“If you ever want to volunteer to come out here when the weather is -8 Celsius at 2:00 in the morning to help pick grapes be our guest,” joked Andrew Niven, director of marketing for Konzelmann Estate Winery and board chairman, Niagara on the Lake Chamber of Commerce.

A sizeable number of grapes must be picked for each bottle of icewine. Frozen grapes yield a higher concentration of sugar, but just a drop or two of juice per grape rather than the 8 to 12 drops of juice used for red or white table wine. Once the grapes are picked in the middle of the night, there is a rush to press them while frozen. The rest of the production is similar to the fermentation process of any typical wine.

Niagara Icewine Fest
Come for the icewine, stay for the photo ops. Photo Credit: Niagara Icewine Festival

Hearty grapes must be used for icewine, typically Vidals, which have a strong skin and withstand the winter, also Cabernet Franc, Riesling and Gewurtztraminer. The wine sells year round throughout Canada with an extant market overseas, particularly in Asia. Duty free shops are a great place to pick up bottles to bring home.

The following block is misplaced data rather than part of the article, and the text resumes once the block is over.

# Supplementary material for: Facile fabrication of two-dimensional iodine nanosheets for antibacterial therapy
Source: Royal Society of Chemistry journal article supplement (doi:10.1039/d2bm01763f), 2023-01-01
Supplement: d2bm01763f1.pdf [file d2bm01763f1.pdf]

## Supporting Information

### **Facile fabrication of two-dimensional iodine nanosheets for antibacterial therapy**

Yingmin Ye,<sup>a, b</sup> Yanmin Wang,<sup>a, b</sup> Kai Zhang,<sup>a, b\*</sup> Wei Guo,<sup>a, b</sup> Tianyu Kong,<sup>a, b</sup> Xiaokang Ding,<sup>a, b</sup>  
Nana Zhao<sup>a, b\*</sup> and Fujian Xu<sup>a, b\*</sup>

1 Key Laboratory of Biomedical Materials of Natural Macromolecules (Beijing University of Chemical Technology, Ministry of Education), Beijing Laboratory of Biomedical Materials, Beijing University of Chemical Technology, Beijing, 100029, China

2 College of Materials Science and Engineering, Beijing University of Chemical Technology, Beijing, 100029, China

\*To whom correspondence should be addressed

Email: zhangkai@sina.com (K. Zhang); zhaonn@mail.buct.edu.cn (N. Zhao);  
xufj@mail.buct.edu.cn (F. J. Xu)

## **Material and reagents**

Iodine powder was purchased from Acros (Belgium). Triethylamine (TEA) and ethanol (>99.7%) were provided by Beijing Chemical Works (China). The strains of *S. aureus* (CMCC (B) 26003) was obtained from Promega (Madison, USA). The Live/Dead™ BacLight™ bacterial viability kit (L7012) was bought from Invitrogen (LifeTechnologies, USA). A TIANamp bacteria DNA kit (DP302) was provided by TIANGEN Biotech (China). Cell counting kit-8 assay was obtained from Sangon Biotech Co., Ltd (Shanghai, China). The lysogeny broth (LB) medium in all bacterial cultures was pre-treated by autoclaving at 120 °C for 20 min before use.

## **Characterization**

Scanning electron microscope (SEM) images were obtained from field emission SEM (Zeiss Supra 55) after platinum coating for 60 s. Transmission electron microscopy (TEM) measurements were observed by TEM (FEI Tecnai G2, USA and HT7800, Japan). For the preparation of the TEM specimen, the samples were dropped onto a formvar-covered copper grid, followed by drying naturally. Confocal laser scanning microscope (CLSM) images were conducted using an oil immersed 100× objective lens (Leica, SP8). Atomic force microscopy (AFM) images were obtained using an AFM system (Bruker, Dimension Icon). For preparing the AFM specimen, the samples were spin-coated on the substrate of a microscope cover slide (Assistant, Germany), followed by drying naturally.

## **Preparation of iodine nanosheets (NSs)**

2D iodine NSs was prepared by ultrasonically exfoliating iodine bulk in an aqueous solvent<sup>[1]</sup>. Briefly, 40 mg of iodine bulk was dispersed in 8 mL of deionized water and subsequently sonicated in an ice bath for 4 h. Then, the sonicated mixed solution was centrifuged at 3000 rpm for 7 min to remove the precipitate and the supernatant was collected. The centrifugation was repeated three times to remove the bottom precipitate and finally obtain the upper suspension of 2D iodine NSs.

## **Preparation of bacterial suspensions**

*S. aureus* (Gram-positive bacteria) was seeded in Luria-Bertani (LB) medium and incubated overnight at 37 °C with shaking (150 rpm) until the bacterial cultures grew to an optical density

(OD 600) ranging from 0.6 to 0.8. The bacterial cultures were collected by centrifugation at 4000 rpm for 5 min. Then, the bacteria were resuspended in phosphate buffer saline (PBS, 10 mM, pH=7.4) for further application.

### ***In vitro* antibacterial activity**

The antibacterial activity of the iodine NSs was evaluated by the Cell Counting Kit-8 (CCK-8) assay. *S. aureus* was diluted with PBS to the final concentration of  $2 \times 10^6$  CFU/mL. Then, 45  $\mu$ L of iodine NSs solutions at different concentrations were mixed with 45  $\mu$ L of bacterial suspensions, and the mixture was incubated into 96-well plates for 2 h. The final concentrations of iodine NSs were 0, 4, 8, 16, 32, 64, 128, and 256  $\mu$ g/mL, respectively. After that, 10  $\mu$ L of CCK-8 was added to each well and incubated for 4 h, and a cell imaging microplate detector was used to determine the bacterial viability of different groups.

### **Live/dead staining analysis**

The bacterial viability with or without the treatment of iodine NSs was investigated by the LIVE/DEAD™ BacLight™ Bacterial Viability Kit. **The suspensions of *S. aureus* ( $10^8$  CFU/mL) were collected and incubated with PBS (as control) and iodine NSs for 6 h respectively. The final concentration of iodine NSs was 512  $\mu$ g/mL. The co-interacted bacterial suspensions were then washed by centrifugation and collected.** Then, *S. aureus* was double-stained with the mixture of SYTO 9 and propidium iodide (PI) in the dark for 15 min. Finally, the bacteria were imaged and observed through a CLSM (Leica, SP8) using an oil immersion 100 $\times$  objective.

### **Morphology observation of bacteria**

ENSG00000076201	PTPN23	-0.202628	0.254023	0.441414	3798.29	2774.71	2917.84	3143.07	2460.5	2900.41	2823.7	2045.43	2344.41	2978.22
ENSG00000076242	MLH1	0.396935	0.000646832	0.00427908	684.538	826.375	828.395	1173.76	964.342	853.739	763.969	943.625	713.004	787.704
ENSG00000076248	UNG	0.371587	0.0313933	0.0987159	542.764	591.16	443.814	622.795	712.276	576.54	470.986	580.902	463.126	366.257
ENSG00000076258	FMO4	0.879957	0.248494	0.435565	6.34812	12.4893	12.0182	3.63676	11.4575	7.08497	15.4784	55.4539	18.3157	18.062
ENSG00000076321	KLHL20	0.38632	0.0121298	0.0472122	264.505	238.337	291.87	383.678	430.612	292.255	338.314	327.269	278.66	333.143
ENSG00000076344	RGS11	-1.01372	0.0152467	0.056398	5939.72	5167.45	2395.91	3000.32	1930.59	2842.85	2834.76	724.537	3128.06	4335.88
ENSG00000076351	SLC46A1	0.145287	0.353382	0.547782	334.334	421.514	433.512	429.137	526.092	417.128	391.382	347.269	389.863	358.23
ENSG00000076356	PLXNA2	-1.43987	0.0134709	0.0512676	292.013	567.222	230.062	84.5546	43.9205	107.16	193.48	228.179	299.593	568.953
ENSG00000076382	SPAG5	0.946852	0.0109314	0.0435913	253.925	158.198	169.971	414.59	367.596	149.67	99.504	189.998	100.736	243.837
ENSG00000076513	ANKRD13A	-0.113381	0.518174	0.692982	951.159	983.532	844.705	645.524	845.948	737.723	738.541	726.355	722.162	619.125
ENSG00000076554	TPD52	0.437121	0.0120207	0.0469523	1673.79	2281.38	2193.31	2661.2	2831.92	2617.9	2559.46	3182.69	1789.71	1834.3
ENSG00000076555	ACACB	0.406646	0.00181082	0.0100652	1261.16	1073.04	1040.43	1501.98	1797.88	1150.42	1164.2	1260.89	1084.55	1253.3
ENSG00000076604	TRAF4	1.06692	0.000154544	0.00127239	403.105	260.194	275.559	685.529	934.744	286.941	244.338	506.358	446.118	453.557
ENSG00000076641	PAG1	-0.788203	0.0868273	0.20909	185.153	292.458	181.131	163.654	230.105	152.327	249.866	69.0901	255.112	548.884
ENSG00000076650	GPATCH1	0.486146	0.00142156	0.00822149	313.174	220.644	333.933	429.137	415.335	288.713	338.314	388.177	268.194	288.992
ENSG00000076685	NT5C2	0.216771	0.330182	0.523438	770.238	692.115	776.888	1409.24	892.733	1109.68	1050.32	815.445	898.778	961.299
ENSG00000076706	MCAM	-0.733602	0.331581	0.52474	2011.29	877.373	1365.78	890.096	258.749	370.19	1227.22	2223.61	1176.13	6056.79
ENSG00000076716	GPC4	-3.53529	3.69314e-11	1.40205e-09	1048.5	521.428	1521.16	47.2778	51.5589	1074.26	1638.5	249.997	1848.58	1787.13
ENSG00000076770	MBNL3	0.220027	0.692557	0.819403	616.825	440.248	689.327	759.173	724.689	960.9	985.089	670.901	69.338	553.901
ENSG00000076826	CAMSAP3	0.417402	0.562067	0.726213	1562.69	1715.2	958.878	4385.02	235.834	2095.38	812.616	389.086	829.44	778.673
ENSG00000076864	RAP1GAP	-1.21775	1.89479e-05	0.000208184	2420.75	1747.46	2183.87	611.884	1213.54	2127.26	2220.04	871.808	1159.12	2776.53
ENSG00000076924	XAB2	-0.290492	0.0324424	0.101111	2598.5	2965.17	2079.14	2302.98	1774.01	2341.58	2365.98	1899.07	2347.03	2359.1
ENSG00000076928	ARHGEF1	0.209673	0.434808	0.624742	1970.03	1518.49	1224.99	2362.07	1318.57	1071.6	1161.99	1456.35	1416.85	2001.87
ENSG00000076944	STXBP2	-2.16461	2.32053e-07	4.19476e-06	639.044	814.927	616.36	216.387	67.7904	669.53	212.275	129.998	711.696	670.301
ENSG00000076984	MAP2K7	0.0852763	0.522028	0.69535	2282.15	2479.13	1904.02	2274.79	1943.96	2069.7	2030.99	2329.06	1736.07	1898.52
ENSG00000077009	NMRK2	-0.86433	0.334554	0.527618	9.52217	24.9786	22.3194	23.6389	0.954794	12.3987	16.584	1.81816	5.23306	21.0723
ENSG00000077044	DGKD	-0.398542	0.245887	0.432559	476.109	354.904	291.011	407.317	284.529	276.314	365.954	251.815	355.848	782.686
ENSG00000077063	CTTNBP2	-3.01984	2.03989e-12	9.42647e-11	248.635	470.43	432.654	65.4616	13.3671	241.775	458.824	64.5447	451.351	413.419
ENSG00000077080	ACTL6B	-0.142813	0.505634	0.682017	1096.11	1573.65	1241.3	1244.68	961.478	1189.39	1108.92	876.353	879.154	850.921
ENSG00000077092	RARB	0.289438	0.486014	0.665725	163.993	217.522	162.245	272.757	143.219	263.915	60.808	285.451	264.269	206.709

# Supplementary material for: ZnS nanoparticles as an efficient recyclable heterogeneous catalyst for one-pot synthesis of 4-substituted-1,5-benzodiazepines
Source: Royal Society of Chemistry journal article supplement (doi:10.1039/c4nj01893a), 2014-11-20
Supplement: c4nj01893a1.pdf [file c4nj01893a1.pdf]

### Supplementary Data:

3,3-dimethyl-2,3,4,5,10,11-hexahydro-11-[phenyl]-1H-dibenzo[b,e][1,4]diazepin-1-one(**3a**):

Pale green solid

Germany also produces icewine, but the climate is not as consistent as in Ontario. The beverage was first made by mistake there in 1794 from grapes left too long on the vine, and then officially produced in Niagara in 1984 at the Inniskillen Winery by Karl Kaiser of Austria. In 1991, he submitted his 1989 icewine to Vinexpo, a wine show in Bordeaux, France, where it won the Grand Prix, putting Niagara and icewine on the map. Now 85-90 percent of wineries in Niagara-on-the-Lake produce icewine.

You can sample this intensely sweet elixir at any time of year, but there is something special about joining throngs of people out in the cold, gathering together to celebrate the fruits of winter labor.

What Makes This Icewine Festival in Niagara Unique?

“I’ve chaired the festival for the past eight years,” said Niven, “and I’ve seen a nice progression from where we used to be in terms of guest experience and how we have really elevated that offering over the past five years.”